I often talk to engineers who are interested in making the big jump to management and becoming engineering managers, but they're not sure if it's the right fit for them. They are (understandably so) concerned if they will like it or not, and what their day to day will look like. Here a few points you should consider before making the big jump into management.
Switching to management is not a promotion. Rather, it is a career transition and you'll be starting at the bottom of the career ladder where you'll feel like a novice at the beginning. Depending on your previous position as an Individual Contributor (IC), this might not even come with a raise. However, you'll have an opportunity to increase your impact on the company and business. You'll be learning something new every day. You'll help people grow in their career and as individuals. There are a lot of pros to being a manager, but don't make the switch if your main motivator is to climb the career ladder and make more money. In this case, you might want to stay on the technical track and grow there.
As a manager, you'll be coding a lot less (read: almost not at all), and you have to be okay with that. I personally work on side projects a few hours per week to get my coding fix and keep learning new technologies, but I do not contribute meaningful code at my day job and that's 100% fine with me because my focus is on delivering more impact to the team and business by focusing on higher-leverage areas. A key concept you should also aspire to is to stay involved with code, but stay out of critical paths such as being a required reviewer or a blocker for shipping a feature. Instead, you could work on a bug fix or internal tooling to help improve the team's velocity.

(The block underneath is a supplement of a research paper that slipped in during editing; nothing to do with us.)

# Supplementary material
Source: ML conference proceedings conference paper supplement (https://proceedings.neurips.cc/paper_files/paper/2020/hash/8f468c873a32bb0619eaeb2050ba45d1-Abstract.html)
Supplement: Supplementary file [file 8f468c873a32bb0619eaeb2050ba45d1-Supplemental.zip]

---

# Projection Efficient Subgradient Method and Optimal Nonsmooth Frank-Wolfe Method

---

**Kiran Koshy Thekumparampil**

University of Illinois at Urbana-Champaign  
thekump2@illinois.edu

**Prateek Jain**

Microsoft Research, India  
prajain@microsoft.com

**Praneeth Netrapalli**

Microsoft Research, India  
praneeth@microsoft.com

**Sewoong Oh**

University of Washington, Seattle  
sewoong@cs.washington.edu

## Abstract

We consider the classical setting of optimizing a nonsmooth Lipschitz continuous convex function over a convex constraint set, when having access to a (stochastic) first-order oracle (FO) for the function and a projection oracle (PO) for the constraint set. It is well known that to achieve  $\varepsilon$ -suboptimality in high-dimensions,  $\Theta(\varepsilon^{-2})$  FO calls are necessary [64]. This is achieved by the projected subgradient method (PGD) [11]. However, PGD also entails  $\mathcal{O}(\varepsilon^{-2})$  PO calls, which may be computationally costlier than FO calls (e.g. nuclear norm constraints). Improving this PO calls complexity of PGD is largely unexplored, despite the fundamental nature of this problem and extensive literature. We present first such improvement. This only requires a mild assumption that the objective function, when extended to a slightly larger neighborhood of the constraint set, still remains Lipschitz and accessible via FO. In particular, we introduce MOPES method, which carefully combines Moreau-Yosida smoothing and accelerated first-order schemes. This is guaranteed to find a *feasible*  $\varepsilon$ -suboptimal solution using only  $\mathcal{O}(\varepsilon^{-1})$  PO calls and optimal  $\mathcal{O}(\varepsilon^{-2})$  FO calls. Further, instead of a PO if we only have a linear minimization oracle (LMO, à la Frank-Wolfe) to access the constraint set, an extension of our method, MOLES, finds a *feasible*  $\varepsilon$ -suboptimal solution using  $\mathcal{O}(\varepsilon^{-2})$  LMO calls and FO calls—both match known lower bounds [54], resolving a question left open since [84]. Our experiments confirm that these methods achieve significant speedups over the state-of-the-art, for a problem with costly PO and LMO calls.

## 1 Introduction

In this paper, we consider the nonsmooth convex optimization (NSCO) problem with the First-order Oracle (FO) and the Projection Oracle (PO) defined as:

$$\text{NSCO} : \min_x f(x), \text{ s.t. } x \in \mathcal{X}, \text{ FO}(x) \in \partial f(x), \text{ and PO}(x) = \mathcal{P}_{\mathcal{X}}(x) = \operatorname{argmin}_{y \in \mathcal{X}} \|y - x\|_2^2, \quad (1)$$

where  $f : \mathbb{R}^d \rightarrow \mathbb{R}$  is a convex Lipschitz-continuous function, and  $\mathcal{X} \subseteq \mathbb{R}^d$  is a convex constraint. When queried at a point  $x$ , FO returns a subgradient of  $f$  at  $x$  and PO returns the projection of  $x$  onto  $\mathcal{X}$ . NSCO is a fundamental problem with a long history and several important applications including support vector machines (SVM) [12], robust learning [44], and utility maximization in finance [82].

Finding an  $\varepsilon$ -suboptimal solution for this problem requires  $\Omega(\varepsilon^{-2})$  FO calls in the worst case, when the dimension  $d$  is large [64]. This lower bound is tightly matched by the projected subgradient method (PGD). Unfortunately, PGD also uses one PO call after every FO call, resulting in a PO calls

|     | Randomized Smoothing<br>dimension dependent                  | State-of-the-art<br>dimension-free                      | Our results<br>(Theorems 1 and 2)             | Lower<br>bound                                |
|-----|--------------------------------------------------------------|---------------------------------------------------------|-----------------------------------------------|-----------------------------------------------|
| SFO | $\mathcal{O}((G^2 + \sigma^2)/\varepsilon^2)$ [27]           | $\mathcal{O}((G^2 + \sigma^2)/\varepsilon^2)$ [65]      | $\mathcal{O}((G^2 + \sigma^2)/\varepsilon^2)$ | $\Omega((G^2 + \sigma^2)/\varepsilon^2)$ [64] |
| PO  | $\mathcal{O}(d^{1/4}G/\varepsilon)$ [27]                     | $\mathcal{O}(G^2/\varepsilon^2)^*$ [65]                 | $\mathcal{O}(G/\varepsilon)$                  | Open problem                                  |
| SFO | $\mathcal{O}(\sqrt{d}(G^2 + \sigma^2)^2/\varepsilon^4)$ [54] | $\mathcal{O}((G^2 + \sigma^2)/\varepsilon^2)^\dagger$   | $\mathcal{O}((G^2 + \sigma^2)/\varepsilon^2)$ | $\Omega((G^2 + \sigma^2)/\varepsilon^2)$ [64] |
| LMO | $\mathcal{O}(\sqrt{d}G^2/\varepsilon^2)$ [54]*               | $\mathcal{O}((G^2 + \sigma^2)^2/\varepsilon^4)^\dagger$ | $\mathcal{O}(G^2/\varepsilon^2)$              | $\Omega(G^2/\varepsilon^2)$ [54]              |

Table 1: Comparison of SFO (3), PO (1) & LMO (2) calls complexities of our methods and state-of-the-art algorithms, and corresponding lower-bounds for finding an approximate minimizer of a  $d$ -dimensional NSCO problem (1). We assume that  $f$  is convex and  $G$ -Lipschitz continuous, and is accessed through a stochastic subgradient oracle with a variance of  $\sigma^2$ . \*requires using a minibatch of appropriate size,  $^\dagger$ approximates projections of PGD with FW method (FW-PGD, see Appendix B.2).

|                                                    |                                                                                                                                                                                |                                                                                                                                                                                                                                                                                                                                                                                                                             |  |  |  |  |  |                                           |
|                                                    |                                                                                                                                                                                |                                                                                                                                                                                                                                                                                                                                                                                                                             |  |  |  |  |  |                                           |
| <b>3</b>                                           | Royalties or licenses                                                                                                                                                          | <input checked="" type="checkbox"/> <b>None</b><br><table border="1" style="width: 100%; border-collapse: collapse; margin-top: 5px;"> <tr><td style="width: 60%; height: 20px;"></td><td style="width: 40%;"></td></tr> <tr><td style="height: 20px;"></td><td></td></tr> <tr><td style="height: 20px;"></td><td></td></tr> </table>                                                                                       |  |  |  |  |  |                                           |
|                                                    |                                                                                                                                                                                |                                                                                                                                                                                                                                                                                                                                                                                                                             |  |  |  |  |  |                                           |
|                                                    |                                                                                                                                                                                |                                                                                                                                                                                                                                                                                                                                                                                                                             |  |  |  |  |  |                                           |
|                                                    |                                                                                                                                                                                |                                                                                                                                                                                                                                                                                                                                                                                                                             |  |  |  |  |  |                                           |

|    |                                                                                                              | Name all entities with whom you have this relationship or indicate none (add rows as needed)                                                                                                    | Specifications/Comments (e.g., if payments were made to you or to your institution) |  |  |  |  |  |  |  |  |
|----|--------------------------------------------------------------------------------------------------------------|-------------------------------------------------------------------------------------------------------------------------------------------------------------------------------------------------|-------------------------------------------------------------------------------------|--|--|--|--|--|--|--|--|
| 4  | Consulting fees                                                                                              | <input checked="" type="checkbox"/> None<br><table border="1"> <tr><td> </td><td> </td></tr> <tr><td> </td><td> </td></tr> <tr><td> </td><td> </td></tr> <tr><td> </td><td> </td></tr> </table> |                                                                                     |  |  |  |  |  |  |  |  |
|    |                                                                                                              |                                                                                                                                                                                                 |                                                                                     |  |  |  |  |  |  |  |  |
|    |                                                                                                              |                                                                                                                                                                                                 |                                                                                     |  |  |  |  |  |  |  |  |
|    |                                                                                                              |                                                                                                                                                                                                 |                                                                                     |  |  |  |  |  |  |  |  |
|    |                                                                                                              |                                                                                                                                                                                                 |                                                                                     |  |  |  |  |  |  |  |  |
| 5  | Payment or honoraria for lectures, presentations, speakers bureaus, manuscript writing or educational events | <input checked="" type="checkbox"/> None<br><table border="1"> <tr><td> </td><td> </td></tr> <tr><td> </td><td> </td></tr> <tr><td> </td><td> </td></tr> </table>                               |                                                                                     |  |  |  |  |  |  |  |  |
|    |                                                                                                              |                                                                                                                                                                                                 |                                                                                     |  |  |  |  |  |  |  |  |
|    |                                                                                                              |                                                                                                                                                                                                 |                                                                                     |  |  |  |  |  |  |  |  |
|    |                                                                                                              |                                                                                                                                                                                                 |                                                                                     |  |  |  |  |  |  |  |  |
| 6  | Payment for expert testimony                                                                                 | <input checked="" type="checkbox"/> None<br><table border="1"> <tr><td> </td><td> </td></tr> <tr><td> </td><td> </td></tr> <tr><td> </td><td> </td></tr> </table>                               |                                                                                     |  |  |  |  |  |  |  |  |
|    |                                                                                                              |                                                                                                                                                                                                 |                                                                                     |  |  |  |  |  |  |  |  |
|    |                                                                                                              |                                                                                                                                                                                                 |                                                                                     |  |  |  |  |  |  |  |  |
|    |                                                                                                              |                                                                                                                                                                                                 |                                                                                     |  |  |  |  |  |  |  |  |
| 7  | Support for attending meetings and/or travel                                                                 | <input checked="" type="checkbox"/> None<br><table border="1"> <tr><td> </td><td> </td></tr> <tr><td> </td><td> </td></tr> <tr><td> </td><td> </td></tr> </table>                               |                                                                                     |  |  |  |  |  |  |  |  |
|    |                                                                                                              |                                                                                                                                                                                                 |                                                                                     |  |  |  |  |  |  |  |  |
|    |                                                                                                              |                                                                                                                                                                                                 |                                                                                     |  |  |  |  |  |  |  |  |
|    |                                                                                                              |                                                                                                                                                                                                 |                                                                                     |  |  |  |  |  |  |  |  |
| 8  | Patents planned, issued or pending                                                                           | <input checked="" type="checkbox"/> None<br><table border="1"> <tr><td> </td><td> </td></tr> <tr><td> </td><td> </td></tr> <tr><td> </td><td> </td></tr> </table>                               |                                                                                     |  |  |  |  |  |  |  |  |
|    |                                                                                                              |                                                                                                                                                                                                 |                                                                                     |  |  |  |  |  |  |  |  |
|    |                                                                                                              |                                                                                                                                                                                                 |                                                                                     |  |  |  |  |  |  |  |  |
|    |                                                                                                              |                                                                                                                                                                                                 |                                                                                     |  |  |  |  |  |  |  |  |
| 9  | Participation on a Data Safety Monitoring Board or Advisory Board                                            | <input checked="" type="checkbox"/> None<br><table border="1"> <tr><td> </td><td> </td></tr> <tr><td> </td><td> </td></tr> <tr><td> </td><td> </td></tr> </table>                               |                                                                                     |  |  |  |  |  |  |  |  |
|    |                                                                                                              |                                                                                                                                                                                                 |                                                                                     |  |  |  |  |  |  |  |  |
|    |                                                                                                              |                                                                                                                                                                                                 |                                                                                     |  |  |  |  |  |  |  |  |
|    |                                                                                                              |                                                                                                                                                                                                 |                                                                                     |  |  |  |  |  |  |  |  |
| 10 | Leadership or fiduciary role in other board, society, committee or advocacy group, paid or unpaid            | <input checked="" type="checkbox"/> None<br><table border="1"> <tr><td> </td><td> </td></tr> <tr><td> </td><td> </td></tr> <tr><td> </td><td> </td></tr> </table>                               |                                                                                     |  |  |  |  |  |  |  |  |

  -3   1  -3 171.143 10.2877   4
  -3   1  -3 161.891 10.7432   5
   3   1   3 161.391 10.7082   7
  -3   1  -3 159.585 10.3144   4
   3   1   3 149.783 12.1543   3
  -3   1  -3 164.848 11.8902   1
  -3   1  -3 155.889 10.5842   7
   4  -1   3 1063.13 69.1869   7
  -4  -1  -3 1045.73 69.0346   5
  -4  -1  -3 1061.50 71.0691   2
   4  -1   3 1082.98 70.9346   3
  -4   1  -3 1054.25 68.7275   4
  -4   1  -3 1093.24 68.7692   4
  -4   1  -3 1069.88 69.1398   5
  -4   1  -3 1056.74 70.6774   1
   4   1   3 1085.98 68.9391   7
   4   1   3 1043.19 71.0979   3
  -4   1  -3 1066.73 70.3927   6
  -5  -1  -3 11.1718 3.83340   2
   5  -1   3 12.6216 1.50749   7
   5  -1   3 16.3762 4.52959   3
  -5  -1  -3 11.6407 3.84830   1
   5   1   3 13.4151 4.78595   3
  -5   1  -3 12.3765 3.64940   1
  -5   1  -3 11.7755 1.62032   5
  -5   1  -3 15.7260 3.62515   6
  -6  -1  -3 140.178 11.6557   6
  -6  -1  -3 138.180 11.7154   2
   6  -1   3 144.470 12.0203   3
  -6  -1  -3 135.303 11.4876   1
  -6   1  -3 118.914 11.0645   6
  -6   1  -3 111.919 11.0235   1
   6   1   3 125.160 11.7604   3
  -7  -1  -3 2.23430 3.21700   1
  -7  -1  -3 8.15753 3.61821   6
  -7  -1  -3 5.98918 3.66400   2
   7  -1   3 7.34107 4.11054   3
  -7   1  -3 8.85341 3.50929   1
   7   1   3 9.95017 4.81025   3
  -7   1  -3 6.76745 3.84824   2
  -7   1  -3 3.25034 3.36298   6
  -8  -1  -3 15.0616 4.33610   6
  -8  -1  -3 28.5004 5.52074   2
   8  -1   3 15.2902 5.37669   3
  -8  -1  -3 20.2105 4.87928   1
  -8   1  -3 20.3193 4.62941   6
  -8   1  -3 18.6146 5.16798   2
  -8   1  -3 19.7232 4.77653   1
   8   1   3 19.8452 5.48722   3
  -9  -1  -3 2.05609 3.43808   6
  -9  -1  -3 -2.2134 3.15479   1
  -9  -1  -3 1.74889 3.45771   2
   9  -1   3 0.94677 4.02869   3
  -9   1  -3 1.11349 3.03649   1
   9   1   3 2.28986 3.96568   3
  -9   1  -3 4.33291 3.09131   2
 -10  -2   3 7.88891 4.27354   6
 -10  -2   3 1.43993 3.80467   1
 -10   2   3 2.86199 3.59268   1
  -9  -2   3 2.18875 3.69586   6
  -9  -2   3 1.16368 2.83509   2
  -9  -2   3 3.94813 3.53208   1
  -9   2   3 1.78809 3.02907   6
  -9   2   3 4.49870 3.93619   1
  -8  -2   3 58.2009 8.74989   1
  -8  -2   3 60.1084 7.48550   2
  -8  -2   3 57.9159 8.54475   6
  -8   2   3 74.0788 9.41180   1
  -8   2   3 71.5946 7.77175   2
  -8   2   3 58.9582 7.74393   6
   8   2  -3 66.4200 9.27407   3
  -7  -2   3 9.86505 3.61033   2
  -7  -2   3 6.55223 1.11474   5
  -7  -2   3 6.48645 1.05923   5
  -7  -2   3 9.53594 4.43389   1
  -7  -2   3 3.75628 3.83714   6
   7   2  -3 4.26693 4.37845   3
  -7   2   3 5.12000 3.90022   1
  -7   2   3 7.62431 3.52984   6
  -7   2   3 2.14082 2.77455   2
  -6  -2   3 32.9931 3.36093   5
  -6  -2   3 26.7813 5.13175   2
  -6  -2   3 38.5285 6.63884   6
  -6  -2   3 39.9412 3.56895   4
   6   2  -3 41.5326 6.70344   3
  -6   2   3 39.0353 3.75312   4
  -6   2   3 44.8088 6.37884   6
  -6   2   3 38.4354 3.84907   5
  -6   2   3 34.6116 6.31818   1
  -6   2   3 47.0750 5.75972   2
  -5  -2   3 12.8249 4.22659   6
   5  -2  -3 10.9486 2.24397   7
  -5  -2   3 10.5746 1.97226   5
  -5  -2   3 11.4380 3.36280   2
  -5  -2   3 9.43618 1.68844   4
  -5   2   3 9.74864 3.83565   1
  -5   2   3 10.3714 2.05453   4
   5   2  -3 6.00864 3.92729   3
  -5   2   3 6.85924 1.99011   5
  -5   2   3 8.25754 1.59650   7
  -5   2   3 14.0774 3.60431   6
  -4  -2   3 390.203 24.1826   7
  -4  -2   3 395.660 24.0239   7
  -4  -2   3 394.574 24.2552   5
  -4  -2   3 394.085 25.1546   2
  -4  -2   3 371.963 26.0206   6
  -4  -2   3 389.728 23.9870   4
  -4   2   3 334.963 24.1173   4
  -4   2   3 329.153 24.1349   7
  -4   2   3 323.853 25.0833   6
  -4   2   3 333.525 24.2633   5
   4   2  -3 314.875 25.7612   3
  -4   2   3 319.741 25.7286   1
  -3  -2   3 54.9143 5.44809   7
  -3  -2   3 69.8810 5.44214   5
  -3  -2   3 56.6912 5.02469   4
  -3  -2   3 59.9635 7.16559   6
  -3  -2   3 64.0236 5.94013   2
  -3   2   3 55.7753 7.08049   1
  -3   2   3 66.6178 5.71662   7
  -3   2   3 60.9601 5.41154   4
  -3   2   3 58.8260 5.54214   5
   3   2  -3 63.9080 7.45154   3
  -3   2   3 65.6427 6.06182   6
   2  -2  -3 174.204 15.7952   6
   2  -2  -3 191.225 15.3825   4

As a manager, your definition of success will change. Successes are far more spread apart than as an Individual Contributor, and you will not be getting the same adrenaline rush. As an engineer, you might be getting multiple successes per day when you ship a fix or merge a PR — that adrenaline rush that feels good. As a manager, your successes might be helping the team re-align on a project, hitting a quarterly objective, helping an engineer get promoted, or writing a proposal that gets approved by the VP. As you can imagine, these successes take longer to build and are more spread out, and the adrenaline rush you get will also be different.
Your days will mostly be spent in meetings, despite how much you try to reduce the number of hours spent in meetings. I've found certain tricks to help me take better control of my calendar — and it helps a lot — but the bottom line is that you have to attend and even run a lot of important meetings. These meetings include (ideally weekly) 1:1s with your direct reports, team planning meetings, leadership and organization meetings, etc. Because of that, you'll also have less uninterrupted chunks of time so you will be less likely to "be in the zone" unless you are very defensive with your calendar. For instance, I block out large chunks of time on my calendar to ensure that I get regular focus work done and don't jump from a meeting to another.
It's important to note that making the switch to management should not be a one-way door. I suggest trying it out for 1-2 years to gain experience, a different perspective, and gain insights into how your manager thinks, and then deciding if you want to pursue it further or would prefer switching back to being an engineer. On average, it takes about 2-3 years before your skills erode so you should still be in a relatively good place to jump back to engineering after 1-2 years.
If these do not sound like blockers to you and are motivating instead, then you should be well prepared for making the switch to management. I hope I was able to provide more insight into what a manager's role entails and that I brought up some good points for you to consider if this is the right fit for you or not.